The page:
CES isn’t as consumer-focused as it once was, despite the overt branding. (CES stands for “Consumer Electronics Show.”) Indeed, automotive and enterprise suppliers have encroached on the Las Vegas show in recent years as some major consumer brands pull out. But fortunately, there is still news about consumer technology. Case in point: Nanoleaf, the brand behind the iconic geometric wall-mounted LED lighting, is showcasing a range of products this week to showcase its latest technical innovations.
The first is the Sense+ Controls, which Nanoleaf calls its first “learning smart light switches.” The range of devices – which includes the wired smart light switch, wireless smart light switch and Nala learning bridge – work with Matter, the smart home interoperability protocol, and run on the thread low-power mesh networking standard. All three Sense+ Controls products feature motion and ambient light sensors to automate routines, while the Nala Learning Bridge, which connects Thread devices including Nanoleaf, to Wi-Fi or Ethernet, works as a night light color changing with a soft glow.
Nala, a smart assistant who attempts to learn preferences for how a person uses and programs Nanoleaf products around the home, is perhaps the real star of the show when it comes to Sense+ Controls. Running on the Nala Learning Bridge or an existing Nanoleaf Thread Edge Router (provided via a free firmware update), Nala creates custom automations and attempts to handle certain actions informed by its learnings, such as turning off the lights , adjust brightness and color, and choose lighting scenes.
“We wanted to push the boundaries of what a ‘smarter’ home can look like. With apps and voice commands, the smart home is still very much based on manual controls and hasn’t reached its full potential of what intelligence can be,” Gimmy Chu, CEO of Nanoleaf, told TechCrunch in an email interview. “Combined with the vision of a hands-free smart home, we wanted to pair that with a user-friendly and relatable smart lighting assistant, which is where Nala was born.”
Nanoleaf is certainly not the first to attempt to inject intelligence and proactivity into the smart home. Amazon has long demonstrated Alexa’s “ambient intelligence” capabilities, while Google has dipped its toes in space many times over the years. Nanoleaf doesn’t claim that Nala is the best smart home attempt yet. But he is claiming that because Nala’s control is strictly limited to lighting, the wizard is more likely to behave in a desirable way. In other words, there are fewer things that can go wrong.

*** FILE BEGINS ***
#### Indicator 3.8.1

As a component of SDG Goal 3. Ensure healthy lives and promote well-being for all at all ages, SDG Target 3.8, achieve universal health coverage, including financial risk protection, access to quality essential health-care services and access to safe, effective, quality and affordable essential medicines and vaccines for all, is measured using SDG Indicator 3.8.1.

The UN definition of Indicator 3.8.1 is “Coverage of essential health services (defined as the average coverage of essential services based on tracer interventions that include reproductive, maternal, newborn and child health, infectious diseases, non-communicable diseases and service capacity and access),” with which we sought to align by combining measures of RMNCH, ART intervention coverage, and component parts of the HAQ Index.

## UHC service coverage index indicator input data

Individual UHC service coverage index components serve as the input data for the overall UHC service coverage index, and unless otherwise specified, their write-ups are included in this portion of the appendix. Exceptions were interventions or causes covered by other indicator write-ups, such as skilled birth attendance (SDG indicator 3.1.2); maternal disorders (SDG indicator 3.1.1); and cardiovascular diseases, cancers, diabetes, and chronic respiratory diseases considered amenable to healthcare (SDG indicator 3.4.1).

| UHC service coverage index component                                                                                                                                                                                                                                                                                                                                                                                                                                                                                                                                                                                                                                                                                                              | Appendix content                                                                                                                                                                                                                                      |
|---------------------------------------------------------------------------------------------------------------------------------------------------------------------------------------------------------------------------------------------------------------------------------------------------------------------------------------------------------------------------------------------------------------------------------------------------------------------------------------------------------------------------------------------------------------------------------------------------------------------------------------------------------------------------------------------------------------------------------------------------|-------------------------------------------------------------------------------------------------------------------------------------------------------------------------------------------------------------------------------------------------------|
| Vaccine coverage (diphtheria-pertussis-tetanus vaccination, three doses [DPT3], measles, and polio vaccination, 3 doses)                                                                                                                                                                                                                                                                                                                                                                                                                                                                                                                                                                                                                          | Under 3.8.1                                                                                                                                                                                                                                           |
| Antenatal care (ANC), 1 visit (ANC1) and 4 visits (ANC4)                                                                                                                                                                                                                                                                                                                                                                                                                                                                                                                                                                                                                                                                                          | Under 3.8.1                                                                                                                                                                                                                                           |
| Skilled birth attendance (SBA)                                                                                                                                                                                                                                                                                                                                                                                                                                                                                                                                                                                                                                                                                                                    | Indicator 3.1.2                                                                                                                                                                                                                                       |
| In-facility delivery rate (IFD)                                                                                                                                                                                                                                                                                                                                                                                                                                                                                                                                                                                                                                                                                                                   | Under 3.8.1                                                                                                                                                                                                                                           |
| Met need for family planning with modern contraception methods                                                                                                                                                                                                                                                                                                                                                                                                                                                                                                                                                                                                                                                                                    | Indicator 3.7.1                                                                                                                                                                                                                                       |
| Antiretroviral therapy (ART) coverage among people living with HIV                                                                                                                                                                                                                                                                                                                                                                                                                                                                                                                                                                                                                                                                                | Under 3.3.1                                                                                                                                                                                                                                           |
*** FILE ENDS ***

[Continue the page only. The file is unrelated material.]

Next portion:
“Nala creates smart automations for your home that can be set to appear as suggestions or automatically applied to your lighting,” Chu said. “Nala’s learning capabilities become more intelligent and accurate with the amount of sensors in the space. Each smart light switch will help Nala learn better and provide more accurate predictive actions such as on and off , seamless brightness adjustments, scene selection, and more.
Beyond the Nala and Sense+ controls, Nanoleaf has unveiled Nanoleaf 4D, an ambient (and Matter-enabled) backlight kit for large-screen TVs. Similar to AmbiVision and other similar systems, Nanoleaf 4D relies on an LED light strip and a camera to record what’s happening on the screen and “expand” the image by illuminating the corresponding LEDs. Nanoleaf 4D offers four screen modes, with 50 addressable zones on the five-meter light strip, and comes with snap-on brackets as well as adhesives for easy installation (in theory).
Nanoleaf 4D is also the first to ship with Nanoleaf’s Sync+ technology, which syncs it with other Nanoleaf products on the same network. Sync+ can mirror what’s on screen on both Nanoleaf 4D and other Nanoleaf fixtures, and it can additionally synchronize colors and animations so that a single scene plays continuously in a room.
Not to be outdone (and clearly firing on all cylinders), Nanoleaf has announced the Nanoleaf Skylight, a modular recessed ceiling light that works with Matter, alongside Sense+ and Nanoleaf 4D controls. Presented in a square modular RGBW LED form factor that offers 16 million colors, the Skylight can be arranged with other Skylights to create aerial designs and comes with features to adjust the brightness, colors and temperatures of color and set schedules.
As a bonus, the Skylight can act as a wire edge router and incorporates Sense+ sensors to enable motion and light detection.
Finally, Nanoleaf launched the Matter-certified Essentials light bulbs and strips, which offer “spellbinding” animations for different activities (in the company’s words). Existing Nanoleaf owners needn’t rush to buy them strictly for Matter connectivity, though – Nanoleaf says its full line of modular light panels and light bars can be upgraded to Matter later this year.
The Sense+ Controls and Skylight range are set to launch in Q3 2023, according to Nanoleaf – a few months after the Essentials and Lightstrip bulbs (which will arrive in Q1). Nanoleaf 4D will hit the market in Q2 in two length options, meanwhile – 55″-65″ and 70″-80″. No word yet on pricing.